In sum, the ALJ failed to articulate sufficient specific and legitimate reasons, supported by substantial evidence, for his rejection of Dr. Gross' opinion.
C. Appeals Court Directive regarding vocational expert.
Plaintiff's third claim of error is that the ALJ failed to follow the directive of the Appeals Council on remand that he obtain testimony and evidence from a vocational expert. Doc. 17 at 22. The Appeals Council ordered that, upon remand, the ALJ was to "[o]btain evidence from a vocational expert to clarify the effect of the assessed limitations on the claimant's occupational base." Tr. 112. The Commissioner acknowledges that the ALJ did not follow this directive, but argues that ALJ Zisook "decided Plaintiff's claims at step four of the sequential evaluation process, and there is no requirement that the ALJ obtain vocational expert testimony at step four." Doc. 19 at 16 (citing 68 Fed. Reg. 51153, 51160 (Aug. 26, 2003)).
While it is true that the testimony of a vocational expert is not required at step four, it is certainly not prohibited and testimony from a vocational expert at step four is contemplated under the rules. 68 Fed. Reg. 51153-01 (Aug. 26, 2003) (clarifying that "VE testimony may be obtained at step 4 to provide evidence to help us determine whether or not an individual can do his or her past relevant work" and that "it is appropriate for our adjudicators to consider evidence from a VE, VS, or other vocational resource (along with the other evidence in the case record) on a broad range of step 4 issues to help them decide if an individual can do his or her past relevant work.").
The Commissioner also argues that an ALJ need not follow every aspect of the Appeals Council's order, and that the Appeals Council's review and acceptance of the ALJ's decision is a tacit endorsement of the ALJ's choice not to obtain testimony from a vocational expert. Doc. 19 at 16. But the regulation's language is explicit that, upon remand, an ALJ " shall take any action that is ordered by the Appeals Council and may take any additional action that is not inconsistent with the Appeals Council's remand order." 20 C.F.R. § 404.977 (emphasis added). The fact that the Appeals Council did not find error with this upon its second review of this case does not exempt the ALJ from compliance with remand orders.
Plaintiff contends that the ALJ's finding that Plaintiff could perform her past work, based only on citation to the Dictionary of Occupational Titles, was legal error. The Court agrees. The Appeals Council's remand order instructed the ALJ to "identify and resolve any conflicts between the occupational evidence provided by the vocational expert and information in the Dictionary of Occupational Titles (DOT) and its companion publication." Tr. 112. Given the lack of testimony from a vocational expert, the ALJ could not have complied with this order. Instead, the ALJ cited the DOT classifications for "sales agent" and "business service" and based his step four finding on these. Tr. 32-33. A step-four finding based entirely on the ALJ's interpretation of classifications in the DOT is not appropriate. SSR 82-61 ("finding that a claimant has the capacity to do past relevant work on the basis of a generic occupational classification of the work [e.g. "delivery job, " "packaging job, " etc.] is likely to be fallacious and unsupportable").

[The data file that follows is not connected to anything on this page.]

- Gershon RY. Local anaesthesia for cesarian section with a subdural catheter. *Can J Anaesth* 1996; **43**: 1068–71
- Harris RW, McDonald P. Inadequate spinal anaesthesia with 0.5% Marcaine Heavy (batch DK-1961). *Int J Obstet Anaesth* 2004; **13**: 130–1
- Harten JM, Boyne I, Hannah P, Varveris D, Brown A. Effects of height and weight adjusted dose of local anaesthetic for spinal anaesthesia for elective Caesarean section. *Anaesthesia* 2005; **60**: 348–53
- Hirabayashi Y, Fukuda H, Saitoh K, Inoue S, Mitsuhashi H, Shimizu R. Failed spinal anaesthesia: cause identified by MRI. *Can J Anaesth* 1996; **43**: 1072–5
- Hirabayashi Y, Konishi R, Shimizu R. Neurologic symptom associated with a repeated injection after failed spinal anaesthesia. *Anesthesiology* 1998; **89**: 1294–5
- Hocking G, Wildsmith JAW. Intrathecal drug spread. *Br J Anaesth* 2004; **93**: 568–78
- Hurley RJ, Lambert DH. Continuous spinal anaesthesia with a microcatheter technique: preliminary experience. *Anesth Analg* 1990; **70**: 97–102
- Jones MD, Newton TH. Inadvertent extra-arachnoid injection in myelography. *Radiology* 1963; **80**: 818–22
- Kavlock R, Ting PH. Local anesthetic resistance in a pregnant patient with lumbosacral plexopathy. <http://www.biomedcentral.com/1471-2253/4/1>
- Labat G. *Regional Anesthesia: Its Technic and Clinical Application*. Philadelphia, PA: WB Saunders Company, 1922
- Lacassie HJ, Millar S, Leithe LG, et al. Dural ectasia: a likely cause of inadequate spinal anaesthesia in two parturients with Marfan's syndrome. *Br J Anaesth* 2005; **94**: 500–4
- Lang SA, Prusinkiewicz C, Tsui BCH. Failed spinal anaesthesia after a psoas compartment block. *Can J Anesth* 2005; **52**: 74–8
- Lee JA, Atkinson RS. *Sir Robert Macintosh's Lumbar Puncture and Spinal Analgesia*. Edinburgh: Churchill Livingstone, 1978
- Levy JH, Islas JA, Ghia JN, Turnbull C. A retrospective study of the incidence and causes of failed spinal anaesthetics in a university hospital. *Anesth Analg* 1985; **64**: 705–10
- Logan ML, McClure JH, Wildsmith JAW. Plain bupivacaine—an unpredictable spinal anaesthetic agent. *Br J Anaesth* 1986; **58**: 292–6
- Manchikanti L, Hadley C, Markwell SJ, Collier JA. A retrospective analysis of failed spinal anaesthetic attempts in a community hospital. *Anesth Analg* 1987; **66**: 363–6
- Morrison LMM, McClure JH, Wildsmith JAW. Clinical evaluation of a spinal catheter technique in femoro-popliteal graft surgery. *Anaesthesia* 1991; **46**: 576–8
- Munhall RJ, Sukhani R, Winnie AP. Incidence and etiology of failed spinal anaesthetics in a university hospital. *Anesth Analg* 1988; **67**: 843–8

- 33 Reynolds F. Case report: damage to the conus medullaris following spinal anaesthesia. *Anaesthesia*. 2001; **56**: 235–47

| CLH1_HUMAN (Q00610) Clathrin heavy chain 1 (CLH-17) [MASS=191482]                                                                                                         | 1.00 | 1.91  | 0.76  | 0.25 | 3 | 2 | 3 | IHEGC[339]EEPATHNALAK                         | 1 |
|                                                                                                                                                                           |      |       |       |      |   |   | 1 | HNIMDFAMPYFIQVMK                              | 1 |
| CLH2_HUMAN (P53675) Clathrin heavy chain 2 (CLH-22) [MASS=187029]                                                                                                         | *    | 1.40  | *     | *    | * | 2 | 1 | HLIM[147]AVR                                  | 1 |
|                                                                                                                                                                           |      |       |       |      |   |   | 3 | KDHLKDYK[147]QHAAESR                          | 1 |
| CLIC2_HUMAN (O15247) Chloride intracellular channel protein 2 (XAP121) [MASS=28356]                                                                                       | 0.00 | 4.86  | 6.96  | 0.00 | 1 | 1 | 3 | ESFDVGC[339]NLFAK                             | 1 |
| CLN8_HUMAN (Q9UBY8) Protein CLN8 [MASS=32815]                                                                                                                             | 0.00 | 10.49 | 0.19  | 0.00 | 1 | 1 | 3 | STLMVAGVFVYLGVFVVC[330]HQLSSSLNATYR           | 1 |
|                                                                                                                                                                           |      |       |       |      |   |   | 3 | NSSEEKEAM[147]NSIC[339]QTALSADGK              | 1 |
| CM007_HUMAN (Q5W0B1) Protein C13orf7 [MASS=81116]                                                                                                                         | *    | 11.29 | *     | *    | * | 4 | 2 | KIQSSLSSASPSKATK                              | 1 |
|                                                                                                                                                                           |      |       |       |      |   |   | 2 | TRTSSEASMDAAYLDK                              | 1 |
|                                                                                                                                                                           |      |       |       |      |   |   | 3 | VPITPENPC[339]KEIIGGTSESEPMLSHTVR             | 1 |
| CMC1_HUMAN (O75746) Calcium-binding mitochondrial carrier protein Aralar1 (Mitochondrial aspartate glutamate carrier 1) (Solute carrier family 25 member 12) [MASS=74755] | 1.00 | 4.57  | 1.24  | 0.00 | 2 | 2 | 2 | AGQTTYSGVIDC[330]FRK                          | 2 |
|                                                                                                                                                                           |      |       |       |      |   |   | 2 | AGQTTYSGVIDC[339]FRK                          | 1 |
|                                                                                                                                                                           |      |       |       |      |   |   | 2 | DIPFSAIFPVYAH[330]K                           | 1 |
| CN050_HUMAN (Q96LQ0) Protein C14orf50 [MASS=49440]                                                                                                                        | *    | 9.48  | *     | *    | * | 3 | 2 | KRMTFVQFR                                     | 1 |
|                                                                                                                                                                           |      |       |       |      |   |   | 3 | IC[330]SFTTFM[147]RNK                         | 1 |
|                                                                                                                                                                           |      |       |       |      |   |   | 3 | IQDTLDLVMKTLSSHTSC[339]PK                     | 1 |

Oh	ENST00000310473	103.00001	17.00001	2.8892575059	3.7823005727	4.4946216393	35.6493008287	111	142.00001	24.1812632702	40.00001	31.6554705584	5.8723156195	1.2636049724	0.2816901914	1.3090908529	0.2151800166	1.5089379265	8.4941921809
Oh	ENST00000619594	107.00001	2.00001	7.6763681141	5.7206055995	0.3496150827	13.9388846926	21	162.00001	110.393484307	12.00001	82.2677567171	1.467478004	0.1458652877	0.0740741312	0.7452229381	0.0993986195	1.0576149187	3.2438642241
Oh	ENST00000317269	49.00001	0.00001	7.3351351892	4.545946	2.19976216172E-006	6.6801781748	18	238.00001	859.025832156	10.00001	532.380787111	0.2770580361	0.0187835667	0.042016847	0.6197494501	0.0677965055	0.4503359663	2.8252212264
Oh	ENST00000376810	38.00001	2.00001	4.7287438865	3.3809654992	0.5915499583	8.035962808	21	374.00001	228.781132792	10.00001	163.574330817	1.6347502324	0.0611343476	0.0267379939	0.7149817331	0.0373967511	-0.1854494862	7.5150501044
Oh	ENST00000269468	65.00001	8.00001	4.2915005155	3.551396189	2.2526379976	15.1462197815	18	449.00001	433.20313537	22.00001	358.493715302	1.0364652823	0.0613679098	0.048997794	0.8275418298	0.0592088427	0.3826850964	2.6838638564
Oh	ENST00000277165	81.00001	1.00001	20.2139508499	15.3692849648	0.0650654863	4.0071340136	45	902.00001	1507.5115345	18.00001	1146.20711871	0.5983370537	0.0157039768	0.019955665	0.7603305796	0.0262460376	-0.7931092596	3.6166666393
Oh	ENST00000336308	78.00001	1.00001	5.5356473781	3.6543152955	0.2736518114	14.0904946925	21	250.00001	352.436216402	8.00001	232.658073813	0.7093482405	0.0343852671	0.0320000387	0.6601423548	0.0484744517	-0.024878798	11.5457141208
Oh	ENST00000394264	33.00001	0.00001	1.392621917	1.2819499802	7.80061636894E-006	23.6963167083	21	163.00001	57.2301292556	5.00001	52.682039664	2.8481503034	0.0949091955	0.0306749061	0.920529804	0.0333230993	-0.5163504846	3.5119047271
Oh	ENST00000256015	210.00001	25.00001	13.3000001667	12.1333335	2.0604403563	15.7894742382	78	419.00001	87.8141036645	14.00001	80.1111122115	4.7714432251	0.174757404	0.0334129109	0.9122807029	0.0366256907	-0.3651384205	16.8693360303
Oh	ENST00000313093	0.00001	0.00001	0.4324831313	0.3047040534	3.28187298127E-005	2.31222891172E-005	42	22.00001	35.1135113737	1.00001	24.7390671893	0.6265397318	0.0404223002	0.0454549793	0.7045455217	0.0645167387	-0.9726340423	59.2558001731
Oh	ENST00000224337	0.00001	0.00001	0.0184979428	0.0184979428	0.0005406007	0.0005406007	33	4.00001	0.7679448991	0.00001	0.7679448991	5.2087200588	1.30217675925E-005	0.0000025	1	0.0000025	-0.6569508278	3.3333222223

The decision to remand for further development of the record or for an award of benefits is within the discretion of the Court. 42 U.S.C. §405(g); see Harman v. Apfel, 211 F.3d 1172, 1173-74 (9th Cir. 2000). An action will be remanded for an award of benefits only where three conditions are met: the ALJ has failed to provide legally sufficient reasons for rejecting evidence, no outstanding issue remains that must be resolved before a determination of disability can be made, and it is clear from the record that the ALJ would be required to find the claimant disabled were the rejected evidence credited as true.
The ALJ has failed to provide legally sufficient reasons for rejecting the opinion of treating physician Dr. Gross. Under Ninth Circuit law, this evidence must be credited as true. See Varney v. Secretary of Health and Human Services, 859 F.2d 1396 (9th Cir. 1988) ("if grounds for [discrediting a claimant's testimony] exist, it is both reasonable and desirable to require the ALJ to articulate them in the original decision."); Lester, 81 F.3d at 834 ("Where the Commissioner fails to provide adequate reasons for rejecting the opinion of a treating or examining physician, we credit that opinion as a matter of law.") (citing Hammock v. Bowen, 879 F.2d 498, 502 (9th Cir. 1989)); Harman v. Apfel, 211 F.3d 1172, 1178 (9th Cir. 2000) (same); Benecke v. Barnhart, 379 F.3d 587 (9th Cir. 2007); ("Because the ALJ failed to provide legally sufficient reasons for rejecting Benecke's testimony and her treating physicians' opinions, we credit the evidence as true.").
Even when this testimony is taken as true, however, outstanding issues remain that must be resolved before a determination of disability can be made. Specifically, the ALJ must elicit testimony from a vocational expert. Accordingly, the Court will remand for further development of the record in accordance with both this order and the remand orders of the Appeals Council.
IT IS ORDERED that Plaintiff's appeal (Doc. 17) is granted and this case is remanded for further proceedings consistent with this order.